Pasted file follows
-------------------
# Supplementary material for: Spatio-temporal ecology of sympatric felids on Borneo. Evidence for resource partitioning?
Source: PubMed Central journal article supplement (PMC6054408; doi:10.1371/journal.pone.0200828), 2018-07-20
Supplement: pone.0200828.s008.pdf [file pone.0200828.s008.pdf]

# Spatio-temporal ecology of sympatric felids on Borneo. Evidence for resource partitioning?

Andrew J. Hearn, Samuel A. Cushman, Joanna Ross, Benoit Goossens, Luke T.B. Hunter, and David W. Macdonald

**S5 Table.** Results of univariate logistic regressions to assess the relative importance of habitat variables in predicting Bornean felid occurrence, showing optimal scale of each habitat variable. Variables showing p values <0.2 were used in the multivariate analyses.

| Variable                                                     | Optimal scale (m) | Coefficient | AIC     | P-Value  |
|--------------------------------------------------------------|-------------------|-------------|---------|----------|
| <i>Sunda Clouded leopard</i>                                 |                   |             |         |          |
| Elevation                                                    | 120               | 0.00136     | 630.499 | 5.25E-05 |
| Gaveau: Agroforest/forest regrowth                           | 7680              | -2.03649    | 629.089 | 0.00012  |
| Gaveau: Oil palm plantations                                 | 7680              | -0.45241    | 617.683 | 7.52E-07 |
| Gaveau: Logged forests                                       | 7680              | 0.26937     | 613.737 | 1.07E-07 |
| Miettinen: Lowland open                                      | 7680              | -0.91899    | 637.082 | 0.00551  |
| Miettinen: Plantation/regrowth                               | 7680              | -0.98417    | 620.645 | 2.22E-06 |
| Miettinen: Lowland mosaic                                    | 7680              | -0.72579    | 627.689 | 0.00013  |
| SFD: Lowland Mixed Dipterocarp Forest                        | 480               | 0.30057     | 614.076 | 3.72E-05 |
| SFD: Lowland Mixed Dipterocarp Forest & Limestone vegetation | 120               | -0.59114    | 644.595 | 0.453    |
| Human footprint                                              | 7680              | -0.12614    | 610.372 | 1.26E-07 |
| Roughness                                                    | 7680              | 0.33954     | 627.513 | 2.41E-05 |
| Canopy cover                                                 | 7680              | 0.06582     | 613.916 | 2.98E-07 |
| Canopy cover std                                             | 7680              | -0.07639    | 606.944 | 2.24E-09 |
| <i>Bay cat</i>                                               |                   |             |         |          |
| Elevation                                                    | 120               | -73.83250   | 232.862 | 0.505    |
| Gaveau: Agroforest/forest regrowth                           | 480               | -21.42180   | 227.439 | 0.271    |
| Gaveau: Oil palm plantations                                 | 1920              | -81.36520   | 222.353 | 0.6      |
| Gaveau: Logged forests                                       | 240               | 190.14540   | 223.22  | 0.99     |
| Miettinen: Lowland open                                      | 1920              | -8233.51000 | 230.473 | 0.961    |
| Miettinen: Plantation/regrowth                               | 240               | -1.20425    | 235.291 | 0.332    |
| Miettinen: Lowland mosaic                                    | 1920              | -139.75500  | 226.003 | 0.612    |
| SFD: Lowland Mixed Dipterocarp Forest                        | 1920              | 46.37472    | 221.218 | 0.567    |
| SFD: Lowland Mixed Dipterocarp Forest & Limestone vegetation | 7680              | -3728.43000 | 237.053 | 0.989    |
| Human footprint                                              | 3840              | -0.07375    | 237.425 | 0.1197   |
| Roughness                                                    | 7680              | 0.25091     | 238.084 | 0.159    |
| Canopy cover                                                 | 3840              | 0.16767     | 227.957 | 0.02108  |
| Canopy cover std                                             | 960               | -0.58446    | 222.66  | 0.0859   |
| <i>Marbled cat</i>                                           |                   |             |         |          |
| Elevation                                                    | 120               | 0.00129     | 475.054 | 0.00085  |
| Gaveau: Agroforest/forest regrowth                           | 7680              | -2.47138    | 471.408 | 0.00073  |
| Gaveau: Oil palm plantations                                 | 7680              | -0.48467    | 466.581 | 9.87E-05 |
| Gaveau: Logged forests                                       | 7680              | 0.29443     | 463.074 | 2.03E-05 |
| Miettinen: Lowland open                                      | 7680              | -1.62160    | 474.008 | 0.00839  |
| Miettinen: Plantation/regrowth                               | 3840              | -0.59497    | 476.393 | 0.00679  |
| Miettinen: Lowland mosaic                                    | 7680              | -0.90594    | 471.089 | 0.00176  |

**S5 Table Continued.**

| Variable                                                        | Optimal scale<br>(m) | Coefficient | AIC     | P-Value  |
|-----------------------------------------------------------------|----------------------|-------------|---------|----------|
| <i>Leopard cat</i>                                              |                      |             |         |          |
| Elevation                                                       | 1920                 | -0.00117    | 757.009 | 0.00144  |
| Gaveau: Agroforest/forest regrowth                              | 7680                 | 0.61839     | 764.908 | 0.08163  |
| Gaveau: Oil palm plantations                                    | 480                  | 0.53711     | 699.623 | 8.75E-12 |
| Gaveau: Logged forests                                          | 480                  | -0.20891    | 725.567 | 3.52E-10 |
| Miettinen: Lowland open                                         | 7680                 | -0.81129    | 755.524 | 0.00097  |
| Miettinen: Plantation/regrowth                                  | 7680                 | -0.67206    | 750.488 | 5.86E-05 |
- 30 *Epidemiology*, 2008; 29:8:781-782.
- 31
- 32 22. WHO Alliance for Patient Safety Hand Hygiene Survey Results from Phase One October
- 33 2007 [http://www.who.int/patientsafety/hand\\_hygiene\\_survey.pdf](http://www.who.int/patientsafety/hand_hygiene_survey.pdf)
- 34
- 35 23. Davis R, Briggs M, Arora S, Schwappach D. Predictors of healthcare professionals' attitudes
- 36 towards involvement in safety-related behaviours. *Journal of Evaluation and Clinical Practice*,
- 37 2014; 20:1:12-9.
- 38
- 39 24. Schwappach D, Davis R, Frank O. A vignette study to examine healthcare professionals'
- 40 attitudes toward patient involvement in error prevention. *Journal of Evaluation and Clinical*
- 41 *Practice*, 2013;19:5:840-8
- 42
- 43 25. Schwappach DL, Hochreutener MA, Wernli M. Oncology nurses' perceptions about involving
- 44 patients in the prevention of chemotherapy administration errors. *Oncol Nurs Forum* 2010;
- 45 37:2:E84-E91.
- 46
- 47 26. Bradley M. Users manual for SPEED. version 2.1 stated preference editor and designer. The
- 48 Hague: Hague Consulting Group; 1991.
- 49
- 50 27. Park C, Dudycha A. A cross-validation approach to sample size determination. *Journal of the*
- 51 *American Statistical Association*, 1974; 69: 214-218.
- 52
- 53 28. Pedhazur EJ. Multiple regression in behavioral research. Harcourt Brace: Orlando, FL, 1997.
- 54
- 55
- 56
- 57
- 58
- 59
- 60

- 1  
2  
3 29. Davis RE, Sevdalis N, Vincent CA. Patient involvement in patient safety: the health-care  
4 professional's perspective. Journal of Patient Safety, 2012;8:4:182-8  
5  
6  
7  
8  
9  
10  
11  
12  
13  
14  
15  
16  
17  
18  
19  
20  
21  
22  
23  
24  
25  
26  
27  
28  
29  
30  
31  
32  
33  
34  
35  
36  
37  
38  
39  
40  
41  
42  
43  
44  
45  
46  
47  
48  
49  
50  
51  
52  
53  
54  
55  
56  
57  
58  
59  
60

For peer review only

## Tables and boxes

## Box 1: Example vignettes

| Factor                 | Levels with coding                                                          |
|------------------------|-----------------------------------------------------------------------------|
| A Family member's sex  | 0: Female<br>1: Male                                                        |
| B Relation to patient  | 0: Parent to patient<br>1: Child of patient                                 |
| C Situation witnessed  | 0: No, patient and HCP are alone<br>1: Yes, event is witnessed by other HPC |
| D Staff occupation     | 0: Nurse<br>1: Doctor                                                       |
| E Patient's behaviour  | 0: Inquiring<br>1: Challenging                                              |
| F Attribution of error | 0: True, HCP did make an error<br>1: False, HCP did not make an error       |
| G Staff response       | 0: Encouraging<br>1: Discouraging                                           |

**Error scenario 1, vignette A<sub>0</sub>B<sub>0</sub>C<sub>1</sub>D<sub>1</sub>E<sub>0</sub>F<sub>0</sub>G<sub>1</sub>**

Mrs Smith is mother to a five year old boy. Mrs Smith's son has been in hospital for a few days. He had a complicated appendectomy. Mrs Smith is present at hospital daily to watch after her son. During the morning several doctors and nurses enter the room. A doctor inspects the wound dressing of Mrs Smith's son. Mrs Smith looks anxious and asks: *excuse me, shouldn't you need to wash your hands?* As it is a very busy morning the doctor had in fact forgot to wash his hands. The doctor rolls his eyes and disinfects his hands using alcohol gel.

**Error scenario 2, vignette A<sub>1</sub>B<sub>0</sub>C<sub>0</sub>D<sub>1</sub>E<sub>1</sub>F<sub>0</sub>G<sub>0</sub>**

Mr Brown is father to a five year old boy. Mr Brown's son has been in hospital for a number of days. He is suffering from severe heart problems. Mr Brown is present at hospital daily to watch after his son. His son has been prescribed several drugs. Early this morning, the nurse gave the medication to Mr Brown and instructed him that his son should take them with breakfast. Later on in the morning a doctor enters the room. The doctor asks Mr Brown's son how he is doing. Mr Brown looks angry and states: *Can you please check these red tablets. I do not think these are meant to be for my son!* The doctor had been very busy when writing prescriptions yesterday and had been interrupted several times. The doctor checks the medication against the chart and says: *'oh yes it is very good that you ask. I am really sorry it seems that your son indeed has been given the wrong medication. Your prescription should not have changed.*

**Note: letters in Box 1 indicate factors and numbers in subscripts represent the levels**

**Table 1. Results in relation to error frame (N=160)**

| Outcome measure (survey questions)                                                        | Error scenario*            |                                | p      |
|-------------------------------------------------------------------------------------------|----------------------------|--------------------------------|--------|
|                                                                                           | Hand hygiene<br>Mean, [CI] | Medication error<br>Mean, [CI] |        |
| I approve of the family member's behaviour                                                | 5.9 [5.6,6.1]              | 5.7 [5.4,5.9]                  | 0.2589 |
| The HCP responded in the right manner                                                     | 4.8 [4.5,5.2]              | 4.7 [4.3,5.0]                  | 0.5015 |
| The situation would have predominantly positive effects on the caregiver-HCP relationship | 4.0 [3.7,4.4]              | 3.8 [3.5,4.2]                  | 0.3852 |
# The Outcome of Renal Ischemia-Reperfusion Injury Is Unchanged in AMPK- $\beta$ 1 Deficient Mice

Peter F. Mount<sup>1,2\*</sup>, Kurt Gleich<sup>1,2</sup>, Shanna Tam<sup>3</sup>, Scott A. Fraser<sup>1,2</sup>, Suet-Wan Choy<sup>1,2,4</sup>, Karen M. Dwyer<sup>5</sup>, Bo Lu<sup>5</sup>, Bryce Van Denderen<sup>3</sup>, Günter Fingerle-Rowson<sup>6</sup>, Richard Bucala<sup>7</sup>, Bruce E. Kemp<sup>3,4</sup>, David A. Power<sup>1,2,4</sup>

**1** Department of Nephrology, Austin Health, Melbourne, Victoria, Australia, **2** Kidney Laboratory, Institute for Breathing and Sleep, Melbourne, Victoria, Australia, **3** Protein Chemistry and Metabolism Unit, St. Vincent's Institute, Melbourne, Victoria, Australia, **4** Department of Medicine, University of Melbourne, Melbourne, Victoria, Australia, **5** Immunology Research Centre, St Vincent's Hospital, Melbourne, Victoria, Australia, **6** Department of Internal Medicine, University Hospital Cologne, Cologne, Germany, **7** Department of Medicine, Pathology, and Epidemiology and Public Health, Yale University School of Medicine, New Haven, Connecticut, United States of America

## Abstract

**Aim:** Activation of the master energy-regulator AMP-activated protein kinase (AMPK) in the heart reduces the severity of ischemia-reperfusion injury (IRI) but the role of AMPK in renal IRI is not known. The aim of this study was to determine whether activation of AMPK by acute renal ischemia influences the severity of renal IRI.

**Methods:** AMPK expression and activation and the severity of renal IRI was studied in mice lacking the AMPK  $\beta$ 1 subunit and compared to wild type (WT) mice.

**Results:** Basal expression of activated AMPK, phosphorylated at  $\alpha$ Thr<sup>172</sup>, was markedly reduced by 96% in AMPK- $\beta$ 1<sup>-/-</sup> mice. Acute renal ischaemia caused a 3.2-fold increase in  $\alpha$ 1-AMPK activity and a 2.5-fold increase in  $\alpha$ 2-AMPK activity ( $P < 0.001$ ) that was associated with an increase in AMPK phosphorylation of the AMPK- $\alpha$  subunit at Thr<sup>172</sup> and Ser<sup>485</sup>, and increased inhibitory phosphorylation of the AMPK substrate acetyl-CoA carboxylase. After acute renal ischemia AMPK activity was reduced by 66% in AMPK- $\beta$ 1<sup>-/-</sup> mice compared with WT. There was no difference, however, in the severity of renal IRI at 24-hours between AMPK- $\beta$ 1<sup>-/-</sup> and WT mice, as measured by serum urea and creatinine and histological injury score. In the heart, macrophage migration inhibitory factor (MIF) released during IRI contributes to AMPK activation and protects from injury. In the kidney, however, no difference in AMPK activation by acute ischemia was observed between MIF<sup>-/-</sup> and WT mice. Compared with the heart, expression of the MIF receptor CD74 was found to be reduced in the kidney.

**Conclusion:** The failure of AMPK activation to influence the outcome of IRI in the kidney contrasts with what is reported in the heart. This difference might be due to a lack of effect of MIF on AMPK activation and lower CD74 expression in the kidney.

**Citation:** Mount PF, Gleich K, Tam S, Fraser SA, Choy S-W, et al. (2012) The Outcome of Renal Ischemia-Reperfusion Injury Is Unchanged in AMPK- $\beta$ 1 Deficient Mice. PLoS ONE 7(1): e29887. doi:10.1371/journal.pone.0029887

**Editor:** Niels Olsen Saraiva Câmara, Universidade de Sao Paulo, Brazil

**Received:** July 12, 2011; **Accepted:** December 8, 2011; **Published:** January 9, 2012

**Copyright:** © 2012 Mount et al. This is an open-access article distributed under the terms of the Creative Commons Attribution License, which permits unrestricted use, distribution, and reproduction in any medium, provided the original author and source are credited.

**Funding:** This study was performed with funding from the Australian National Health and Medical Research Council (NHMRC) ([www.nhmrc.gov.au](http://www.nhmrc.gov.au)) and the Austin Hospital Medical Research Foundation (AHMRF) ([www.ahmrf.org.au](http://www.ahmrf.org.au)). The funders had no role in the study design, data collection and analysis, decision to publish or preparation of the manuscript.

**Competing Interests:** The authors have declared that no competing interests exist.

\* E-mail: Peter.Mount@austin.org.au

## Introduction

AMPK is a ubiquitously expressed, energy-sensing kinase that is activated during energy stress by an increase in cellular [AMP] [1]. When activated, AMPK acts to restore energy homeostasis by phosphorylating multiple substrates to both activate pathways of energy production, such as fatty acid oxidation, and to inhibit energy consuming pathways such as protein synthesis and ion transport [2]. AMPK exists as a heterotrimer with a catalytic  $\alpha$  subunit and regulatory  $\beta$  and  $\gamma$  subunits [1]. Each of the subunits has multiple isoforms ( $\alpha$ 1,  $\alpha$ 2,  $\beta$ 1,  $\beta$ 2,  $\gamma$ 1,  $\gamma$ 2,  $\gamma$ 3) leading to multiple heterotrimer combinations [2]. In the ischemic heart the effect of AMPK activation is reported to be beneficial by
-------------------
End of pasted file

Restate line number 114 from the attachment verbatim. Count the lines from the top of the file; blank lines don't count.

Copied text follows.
29  